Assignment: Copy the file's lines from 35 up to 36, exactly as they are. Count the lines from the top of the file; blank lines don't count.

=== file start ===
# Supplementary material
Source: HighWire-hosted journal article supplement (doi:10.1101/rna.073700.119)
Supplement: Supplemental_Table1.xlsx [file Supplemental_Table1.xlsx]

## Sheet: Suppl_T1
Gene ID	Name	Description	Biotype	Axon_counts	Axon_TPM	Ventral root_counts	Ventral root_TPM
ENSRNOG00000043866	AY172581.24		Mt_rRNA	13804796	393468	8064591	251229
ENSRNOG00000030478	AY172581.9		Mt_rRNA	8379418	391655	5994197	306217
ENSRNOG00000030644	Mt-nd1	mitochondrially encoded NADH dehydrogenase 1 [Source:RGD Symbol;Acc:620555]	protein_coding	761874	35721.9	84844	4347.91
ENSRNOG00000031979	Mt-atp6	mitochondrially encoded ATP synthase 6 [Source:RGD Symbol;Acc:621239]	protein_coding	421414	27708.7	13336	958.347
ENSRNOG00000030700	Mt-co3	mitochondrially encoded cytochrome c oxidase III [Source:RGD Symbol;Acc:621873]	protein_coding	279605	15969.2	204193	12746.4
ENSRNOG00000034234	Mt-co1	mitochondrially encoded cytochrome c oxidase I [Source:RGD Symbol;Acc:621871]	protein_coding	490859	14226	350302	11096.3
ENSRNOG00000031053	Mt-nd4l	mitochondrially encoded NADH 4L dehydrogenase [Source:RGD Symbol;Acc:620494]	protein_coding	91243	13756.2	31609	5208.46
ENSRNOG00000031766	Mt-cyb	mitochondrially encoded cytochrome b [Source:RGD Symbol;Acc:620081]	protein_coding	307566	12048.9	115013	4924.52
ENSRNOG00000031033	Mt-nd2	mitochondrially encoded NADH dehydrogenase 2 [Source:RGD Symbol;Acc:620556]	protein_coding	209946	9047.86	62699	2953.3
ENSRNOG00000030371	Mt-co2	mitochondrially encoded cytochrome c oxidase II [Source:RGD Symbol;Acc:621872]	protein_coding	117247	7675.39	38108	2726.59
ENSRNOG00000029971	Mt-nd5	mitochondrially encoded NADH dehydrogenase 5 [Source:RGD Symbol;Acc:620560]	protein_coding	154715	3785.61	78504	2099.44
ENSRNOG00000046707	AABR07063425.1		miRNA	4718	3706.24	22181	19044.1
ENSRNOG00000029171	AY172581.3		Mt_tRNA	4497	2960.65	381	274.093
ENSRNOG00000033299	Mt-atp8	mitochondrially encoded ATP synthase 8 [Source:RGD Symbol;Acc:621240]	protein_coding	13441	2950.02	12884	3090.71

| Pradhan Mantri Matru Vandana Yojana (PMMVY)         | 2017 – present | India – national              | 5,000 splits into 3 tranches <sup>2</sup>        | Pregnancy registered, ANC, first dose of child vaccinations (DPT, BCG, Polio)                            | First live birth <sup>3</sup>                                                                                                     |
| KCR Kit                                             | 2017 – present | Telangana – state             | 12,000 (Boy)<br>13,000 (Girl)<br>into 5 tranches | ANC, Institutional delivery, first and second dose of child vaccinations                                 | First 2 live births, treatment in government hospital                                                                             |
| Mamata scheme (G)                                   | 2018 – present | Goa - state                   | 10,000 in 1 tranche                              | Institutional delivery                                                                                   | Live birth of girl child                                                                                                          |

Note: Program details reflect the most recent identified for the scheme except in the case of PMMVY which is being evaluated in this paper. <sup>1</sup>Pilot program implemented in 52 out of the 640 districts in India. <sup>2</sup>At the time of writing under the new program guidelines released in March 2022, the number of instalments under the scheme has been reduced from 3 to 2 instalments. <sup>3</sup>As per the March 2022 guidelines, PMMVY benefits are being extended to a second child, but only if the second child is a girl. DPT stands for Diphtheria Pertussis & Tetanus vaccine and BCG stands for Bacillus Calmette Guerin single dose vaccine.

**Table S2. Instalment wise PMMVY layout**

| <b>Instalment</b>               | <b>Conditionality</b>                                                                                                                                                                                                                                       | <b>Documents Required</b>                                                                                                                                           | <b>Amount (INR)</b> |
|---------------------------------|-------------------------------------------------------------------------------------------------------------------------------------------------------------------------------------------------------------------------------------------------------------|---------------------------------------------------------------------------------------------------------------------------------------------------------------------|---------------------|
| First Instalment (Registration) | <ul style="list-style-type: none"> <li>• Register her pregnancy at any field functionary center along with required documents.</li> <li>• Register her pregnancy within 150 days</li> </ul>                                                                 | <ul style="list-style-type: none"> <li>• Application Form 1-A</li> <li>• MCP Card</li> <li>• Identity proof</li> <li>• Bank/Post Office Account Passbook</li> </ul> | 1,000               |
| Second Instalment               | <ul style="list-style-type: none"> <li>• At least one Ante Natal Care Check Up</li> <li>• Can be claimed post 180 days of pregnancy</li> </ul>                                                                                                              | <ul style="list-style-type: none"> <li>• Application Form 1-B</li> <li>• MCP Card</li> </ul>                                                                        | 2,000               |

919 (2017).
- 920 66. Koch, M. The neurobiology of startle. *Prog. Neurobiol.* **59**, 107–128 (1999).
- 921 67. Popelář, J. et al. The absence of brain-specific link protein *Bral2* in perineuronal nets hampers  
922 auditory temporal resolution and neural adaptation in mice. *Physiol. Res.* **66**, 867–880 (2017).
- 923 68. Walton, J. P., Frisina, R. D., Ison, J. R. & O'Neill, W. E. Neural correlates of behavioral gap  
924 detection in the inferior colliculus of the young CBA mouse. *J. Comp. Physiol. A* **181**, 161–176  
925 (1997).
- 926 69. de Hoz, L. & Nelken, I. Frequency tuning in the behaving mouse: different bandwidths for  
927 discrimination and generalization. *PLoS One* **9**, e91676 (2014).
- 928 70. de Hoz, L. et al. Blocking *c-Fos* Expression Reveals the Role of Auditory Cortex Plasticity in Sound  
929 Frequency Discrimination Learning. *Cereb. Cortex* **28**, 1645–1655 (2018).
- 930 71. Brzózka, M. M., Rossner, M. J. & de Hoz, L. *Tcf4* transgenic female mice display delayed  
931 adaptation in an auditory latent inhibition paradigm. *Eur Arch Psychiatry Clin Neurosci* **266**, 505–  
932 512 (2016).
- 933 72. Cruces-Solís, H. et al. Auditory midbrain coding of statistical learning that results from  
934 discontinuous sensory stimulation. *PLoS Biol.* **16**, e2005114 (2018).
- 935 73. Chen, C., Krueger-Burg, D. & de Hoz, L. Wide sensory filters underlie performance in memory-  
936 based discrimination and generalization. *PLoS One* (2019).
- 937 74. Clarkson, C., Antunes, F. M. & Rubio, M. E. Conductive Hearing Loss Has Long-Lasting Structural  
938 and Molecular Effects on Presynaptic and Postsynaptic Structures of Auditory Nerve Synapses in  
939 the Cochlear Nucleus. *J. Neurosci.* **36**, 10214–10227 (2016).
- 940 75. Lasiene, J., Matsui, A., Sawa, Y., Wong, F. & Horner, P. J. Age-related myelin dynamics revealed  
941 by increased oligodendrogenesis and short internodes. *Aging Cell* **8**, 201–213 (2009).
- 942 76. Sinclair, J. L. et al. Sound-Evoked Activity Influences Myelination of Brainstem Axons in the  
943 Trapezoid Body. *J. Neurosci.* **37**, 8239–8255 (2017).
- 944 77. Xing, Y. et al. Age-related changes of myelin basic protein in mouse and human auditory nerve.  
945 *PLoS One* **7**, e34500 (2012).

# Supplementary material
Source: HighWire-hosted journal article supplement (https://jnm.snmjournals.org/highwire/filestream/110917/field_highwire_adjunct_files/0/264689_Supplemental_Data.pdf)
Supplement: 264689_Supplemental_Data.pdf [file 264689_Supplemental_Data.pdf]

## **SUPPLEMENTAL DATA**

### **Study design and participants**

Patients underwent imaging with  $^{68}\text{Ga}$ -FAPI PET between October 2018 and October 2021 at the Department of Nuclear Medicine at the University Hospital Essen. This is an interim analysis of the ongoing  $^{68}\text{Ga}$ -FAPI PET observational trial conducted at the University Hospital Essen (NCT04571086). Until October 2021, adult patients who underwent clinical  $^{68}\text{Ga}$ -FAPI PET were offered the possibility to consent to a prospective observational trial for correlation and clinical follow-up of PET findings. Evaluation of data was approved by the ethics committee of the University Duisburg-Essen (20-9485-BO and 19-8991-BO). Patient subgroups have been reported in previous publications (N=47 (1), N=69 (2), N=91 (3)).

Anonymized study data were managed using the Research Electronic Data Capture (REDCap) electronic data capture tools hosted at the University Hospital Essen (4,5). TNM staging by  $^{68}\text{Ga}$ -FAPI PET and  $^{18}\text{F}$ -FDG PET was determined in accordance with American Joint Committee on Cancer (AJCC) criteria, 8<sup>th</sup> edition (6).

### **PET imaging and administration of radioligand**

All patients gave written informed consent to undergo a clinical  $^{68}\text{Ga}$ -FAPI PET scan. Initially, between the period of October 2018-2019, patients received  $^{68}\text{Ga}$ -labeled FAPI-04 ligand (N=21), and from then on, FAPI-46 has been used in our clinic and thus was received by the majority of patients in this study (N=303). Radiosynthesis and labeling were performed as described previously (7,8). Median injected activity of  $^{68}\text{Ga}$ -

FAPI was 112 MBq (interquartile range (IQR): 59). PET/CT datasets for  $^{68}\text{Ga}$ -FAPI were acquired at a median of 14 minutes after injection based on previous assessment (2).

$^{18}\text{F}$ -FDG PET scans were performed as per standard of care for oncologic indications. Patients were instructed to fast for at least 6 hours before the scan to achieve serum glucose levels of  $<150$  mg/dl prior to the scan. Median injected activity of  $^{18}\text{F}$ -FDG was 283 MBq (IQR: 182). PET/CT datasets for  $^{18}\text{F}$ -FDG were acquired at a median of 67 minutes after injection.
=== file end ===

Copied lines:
925 (1997).
- 926 69. de Hoz, L. & Nelken, I. Frequency tuning in the behaving mouse: different bandwidths for  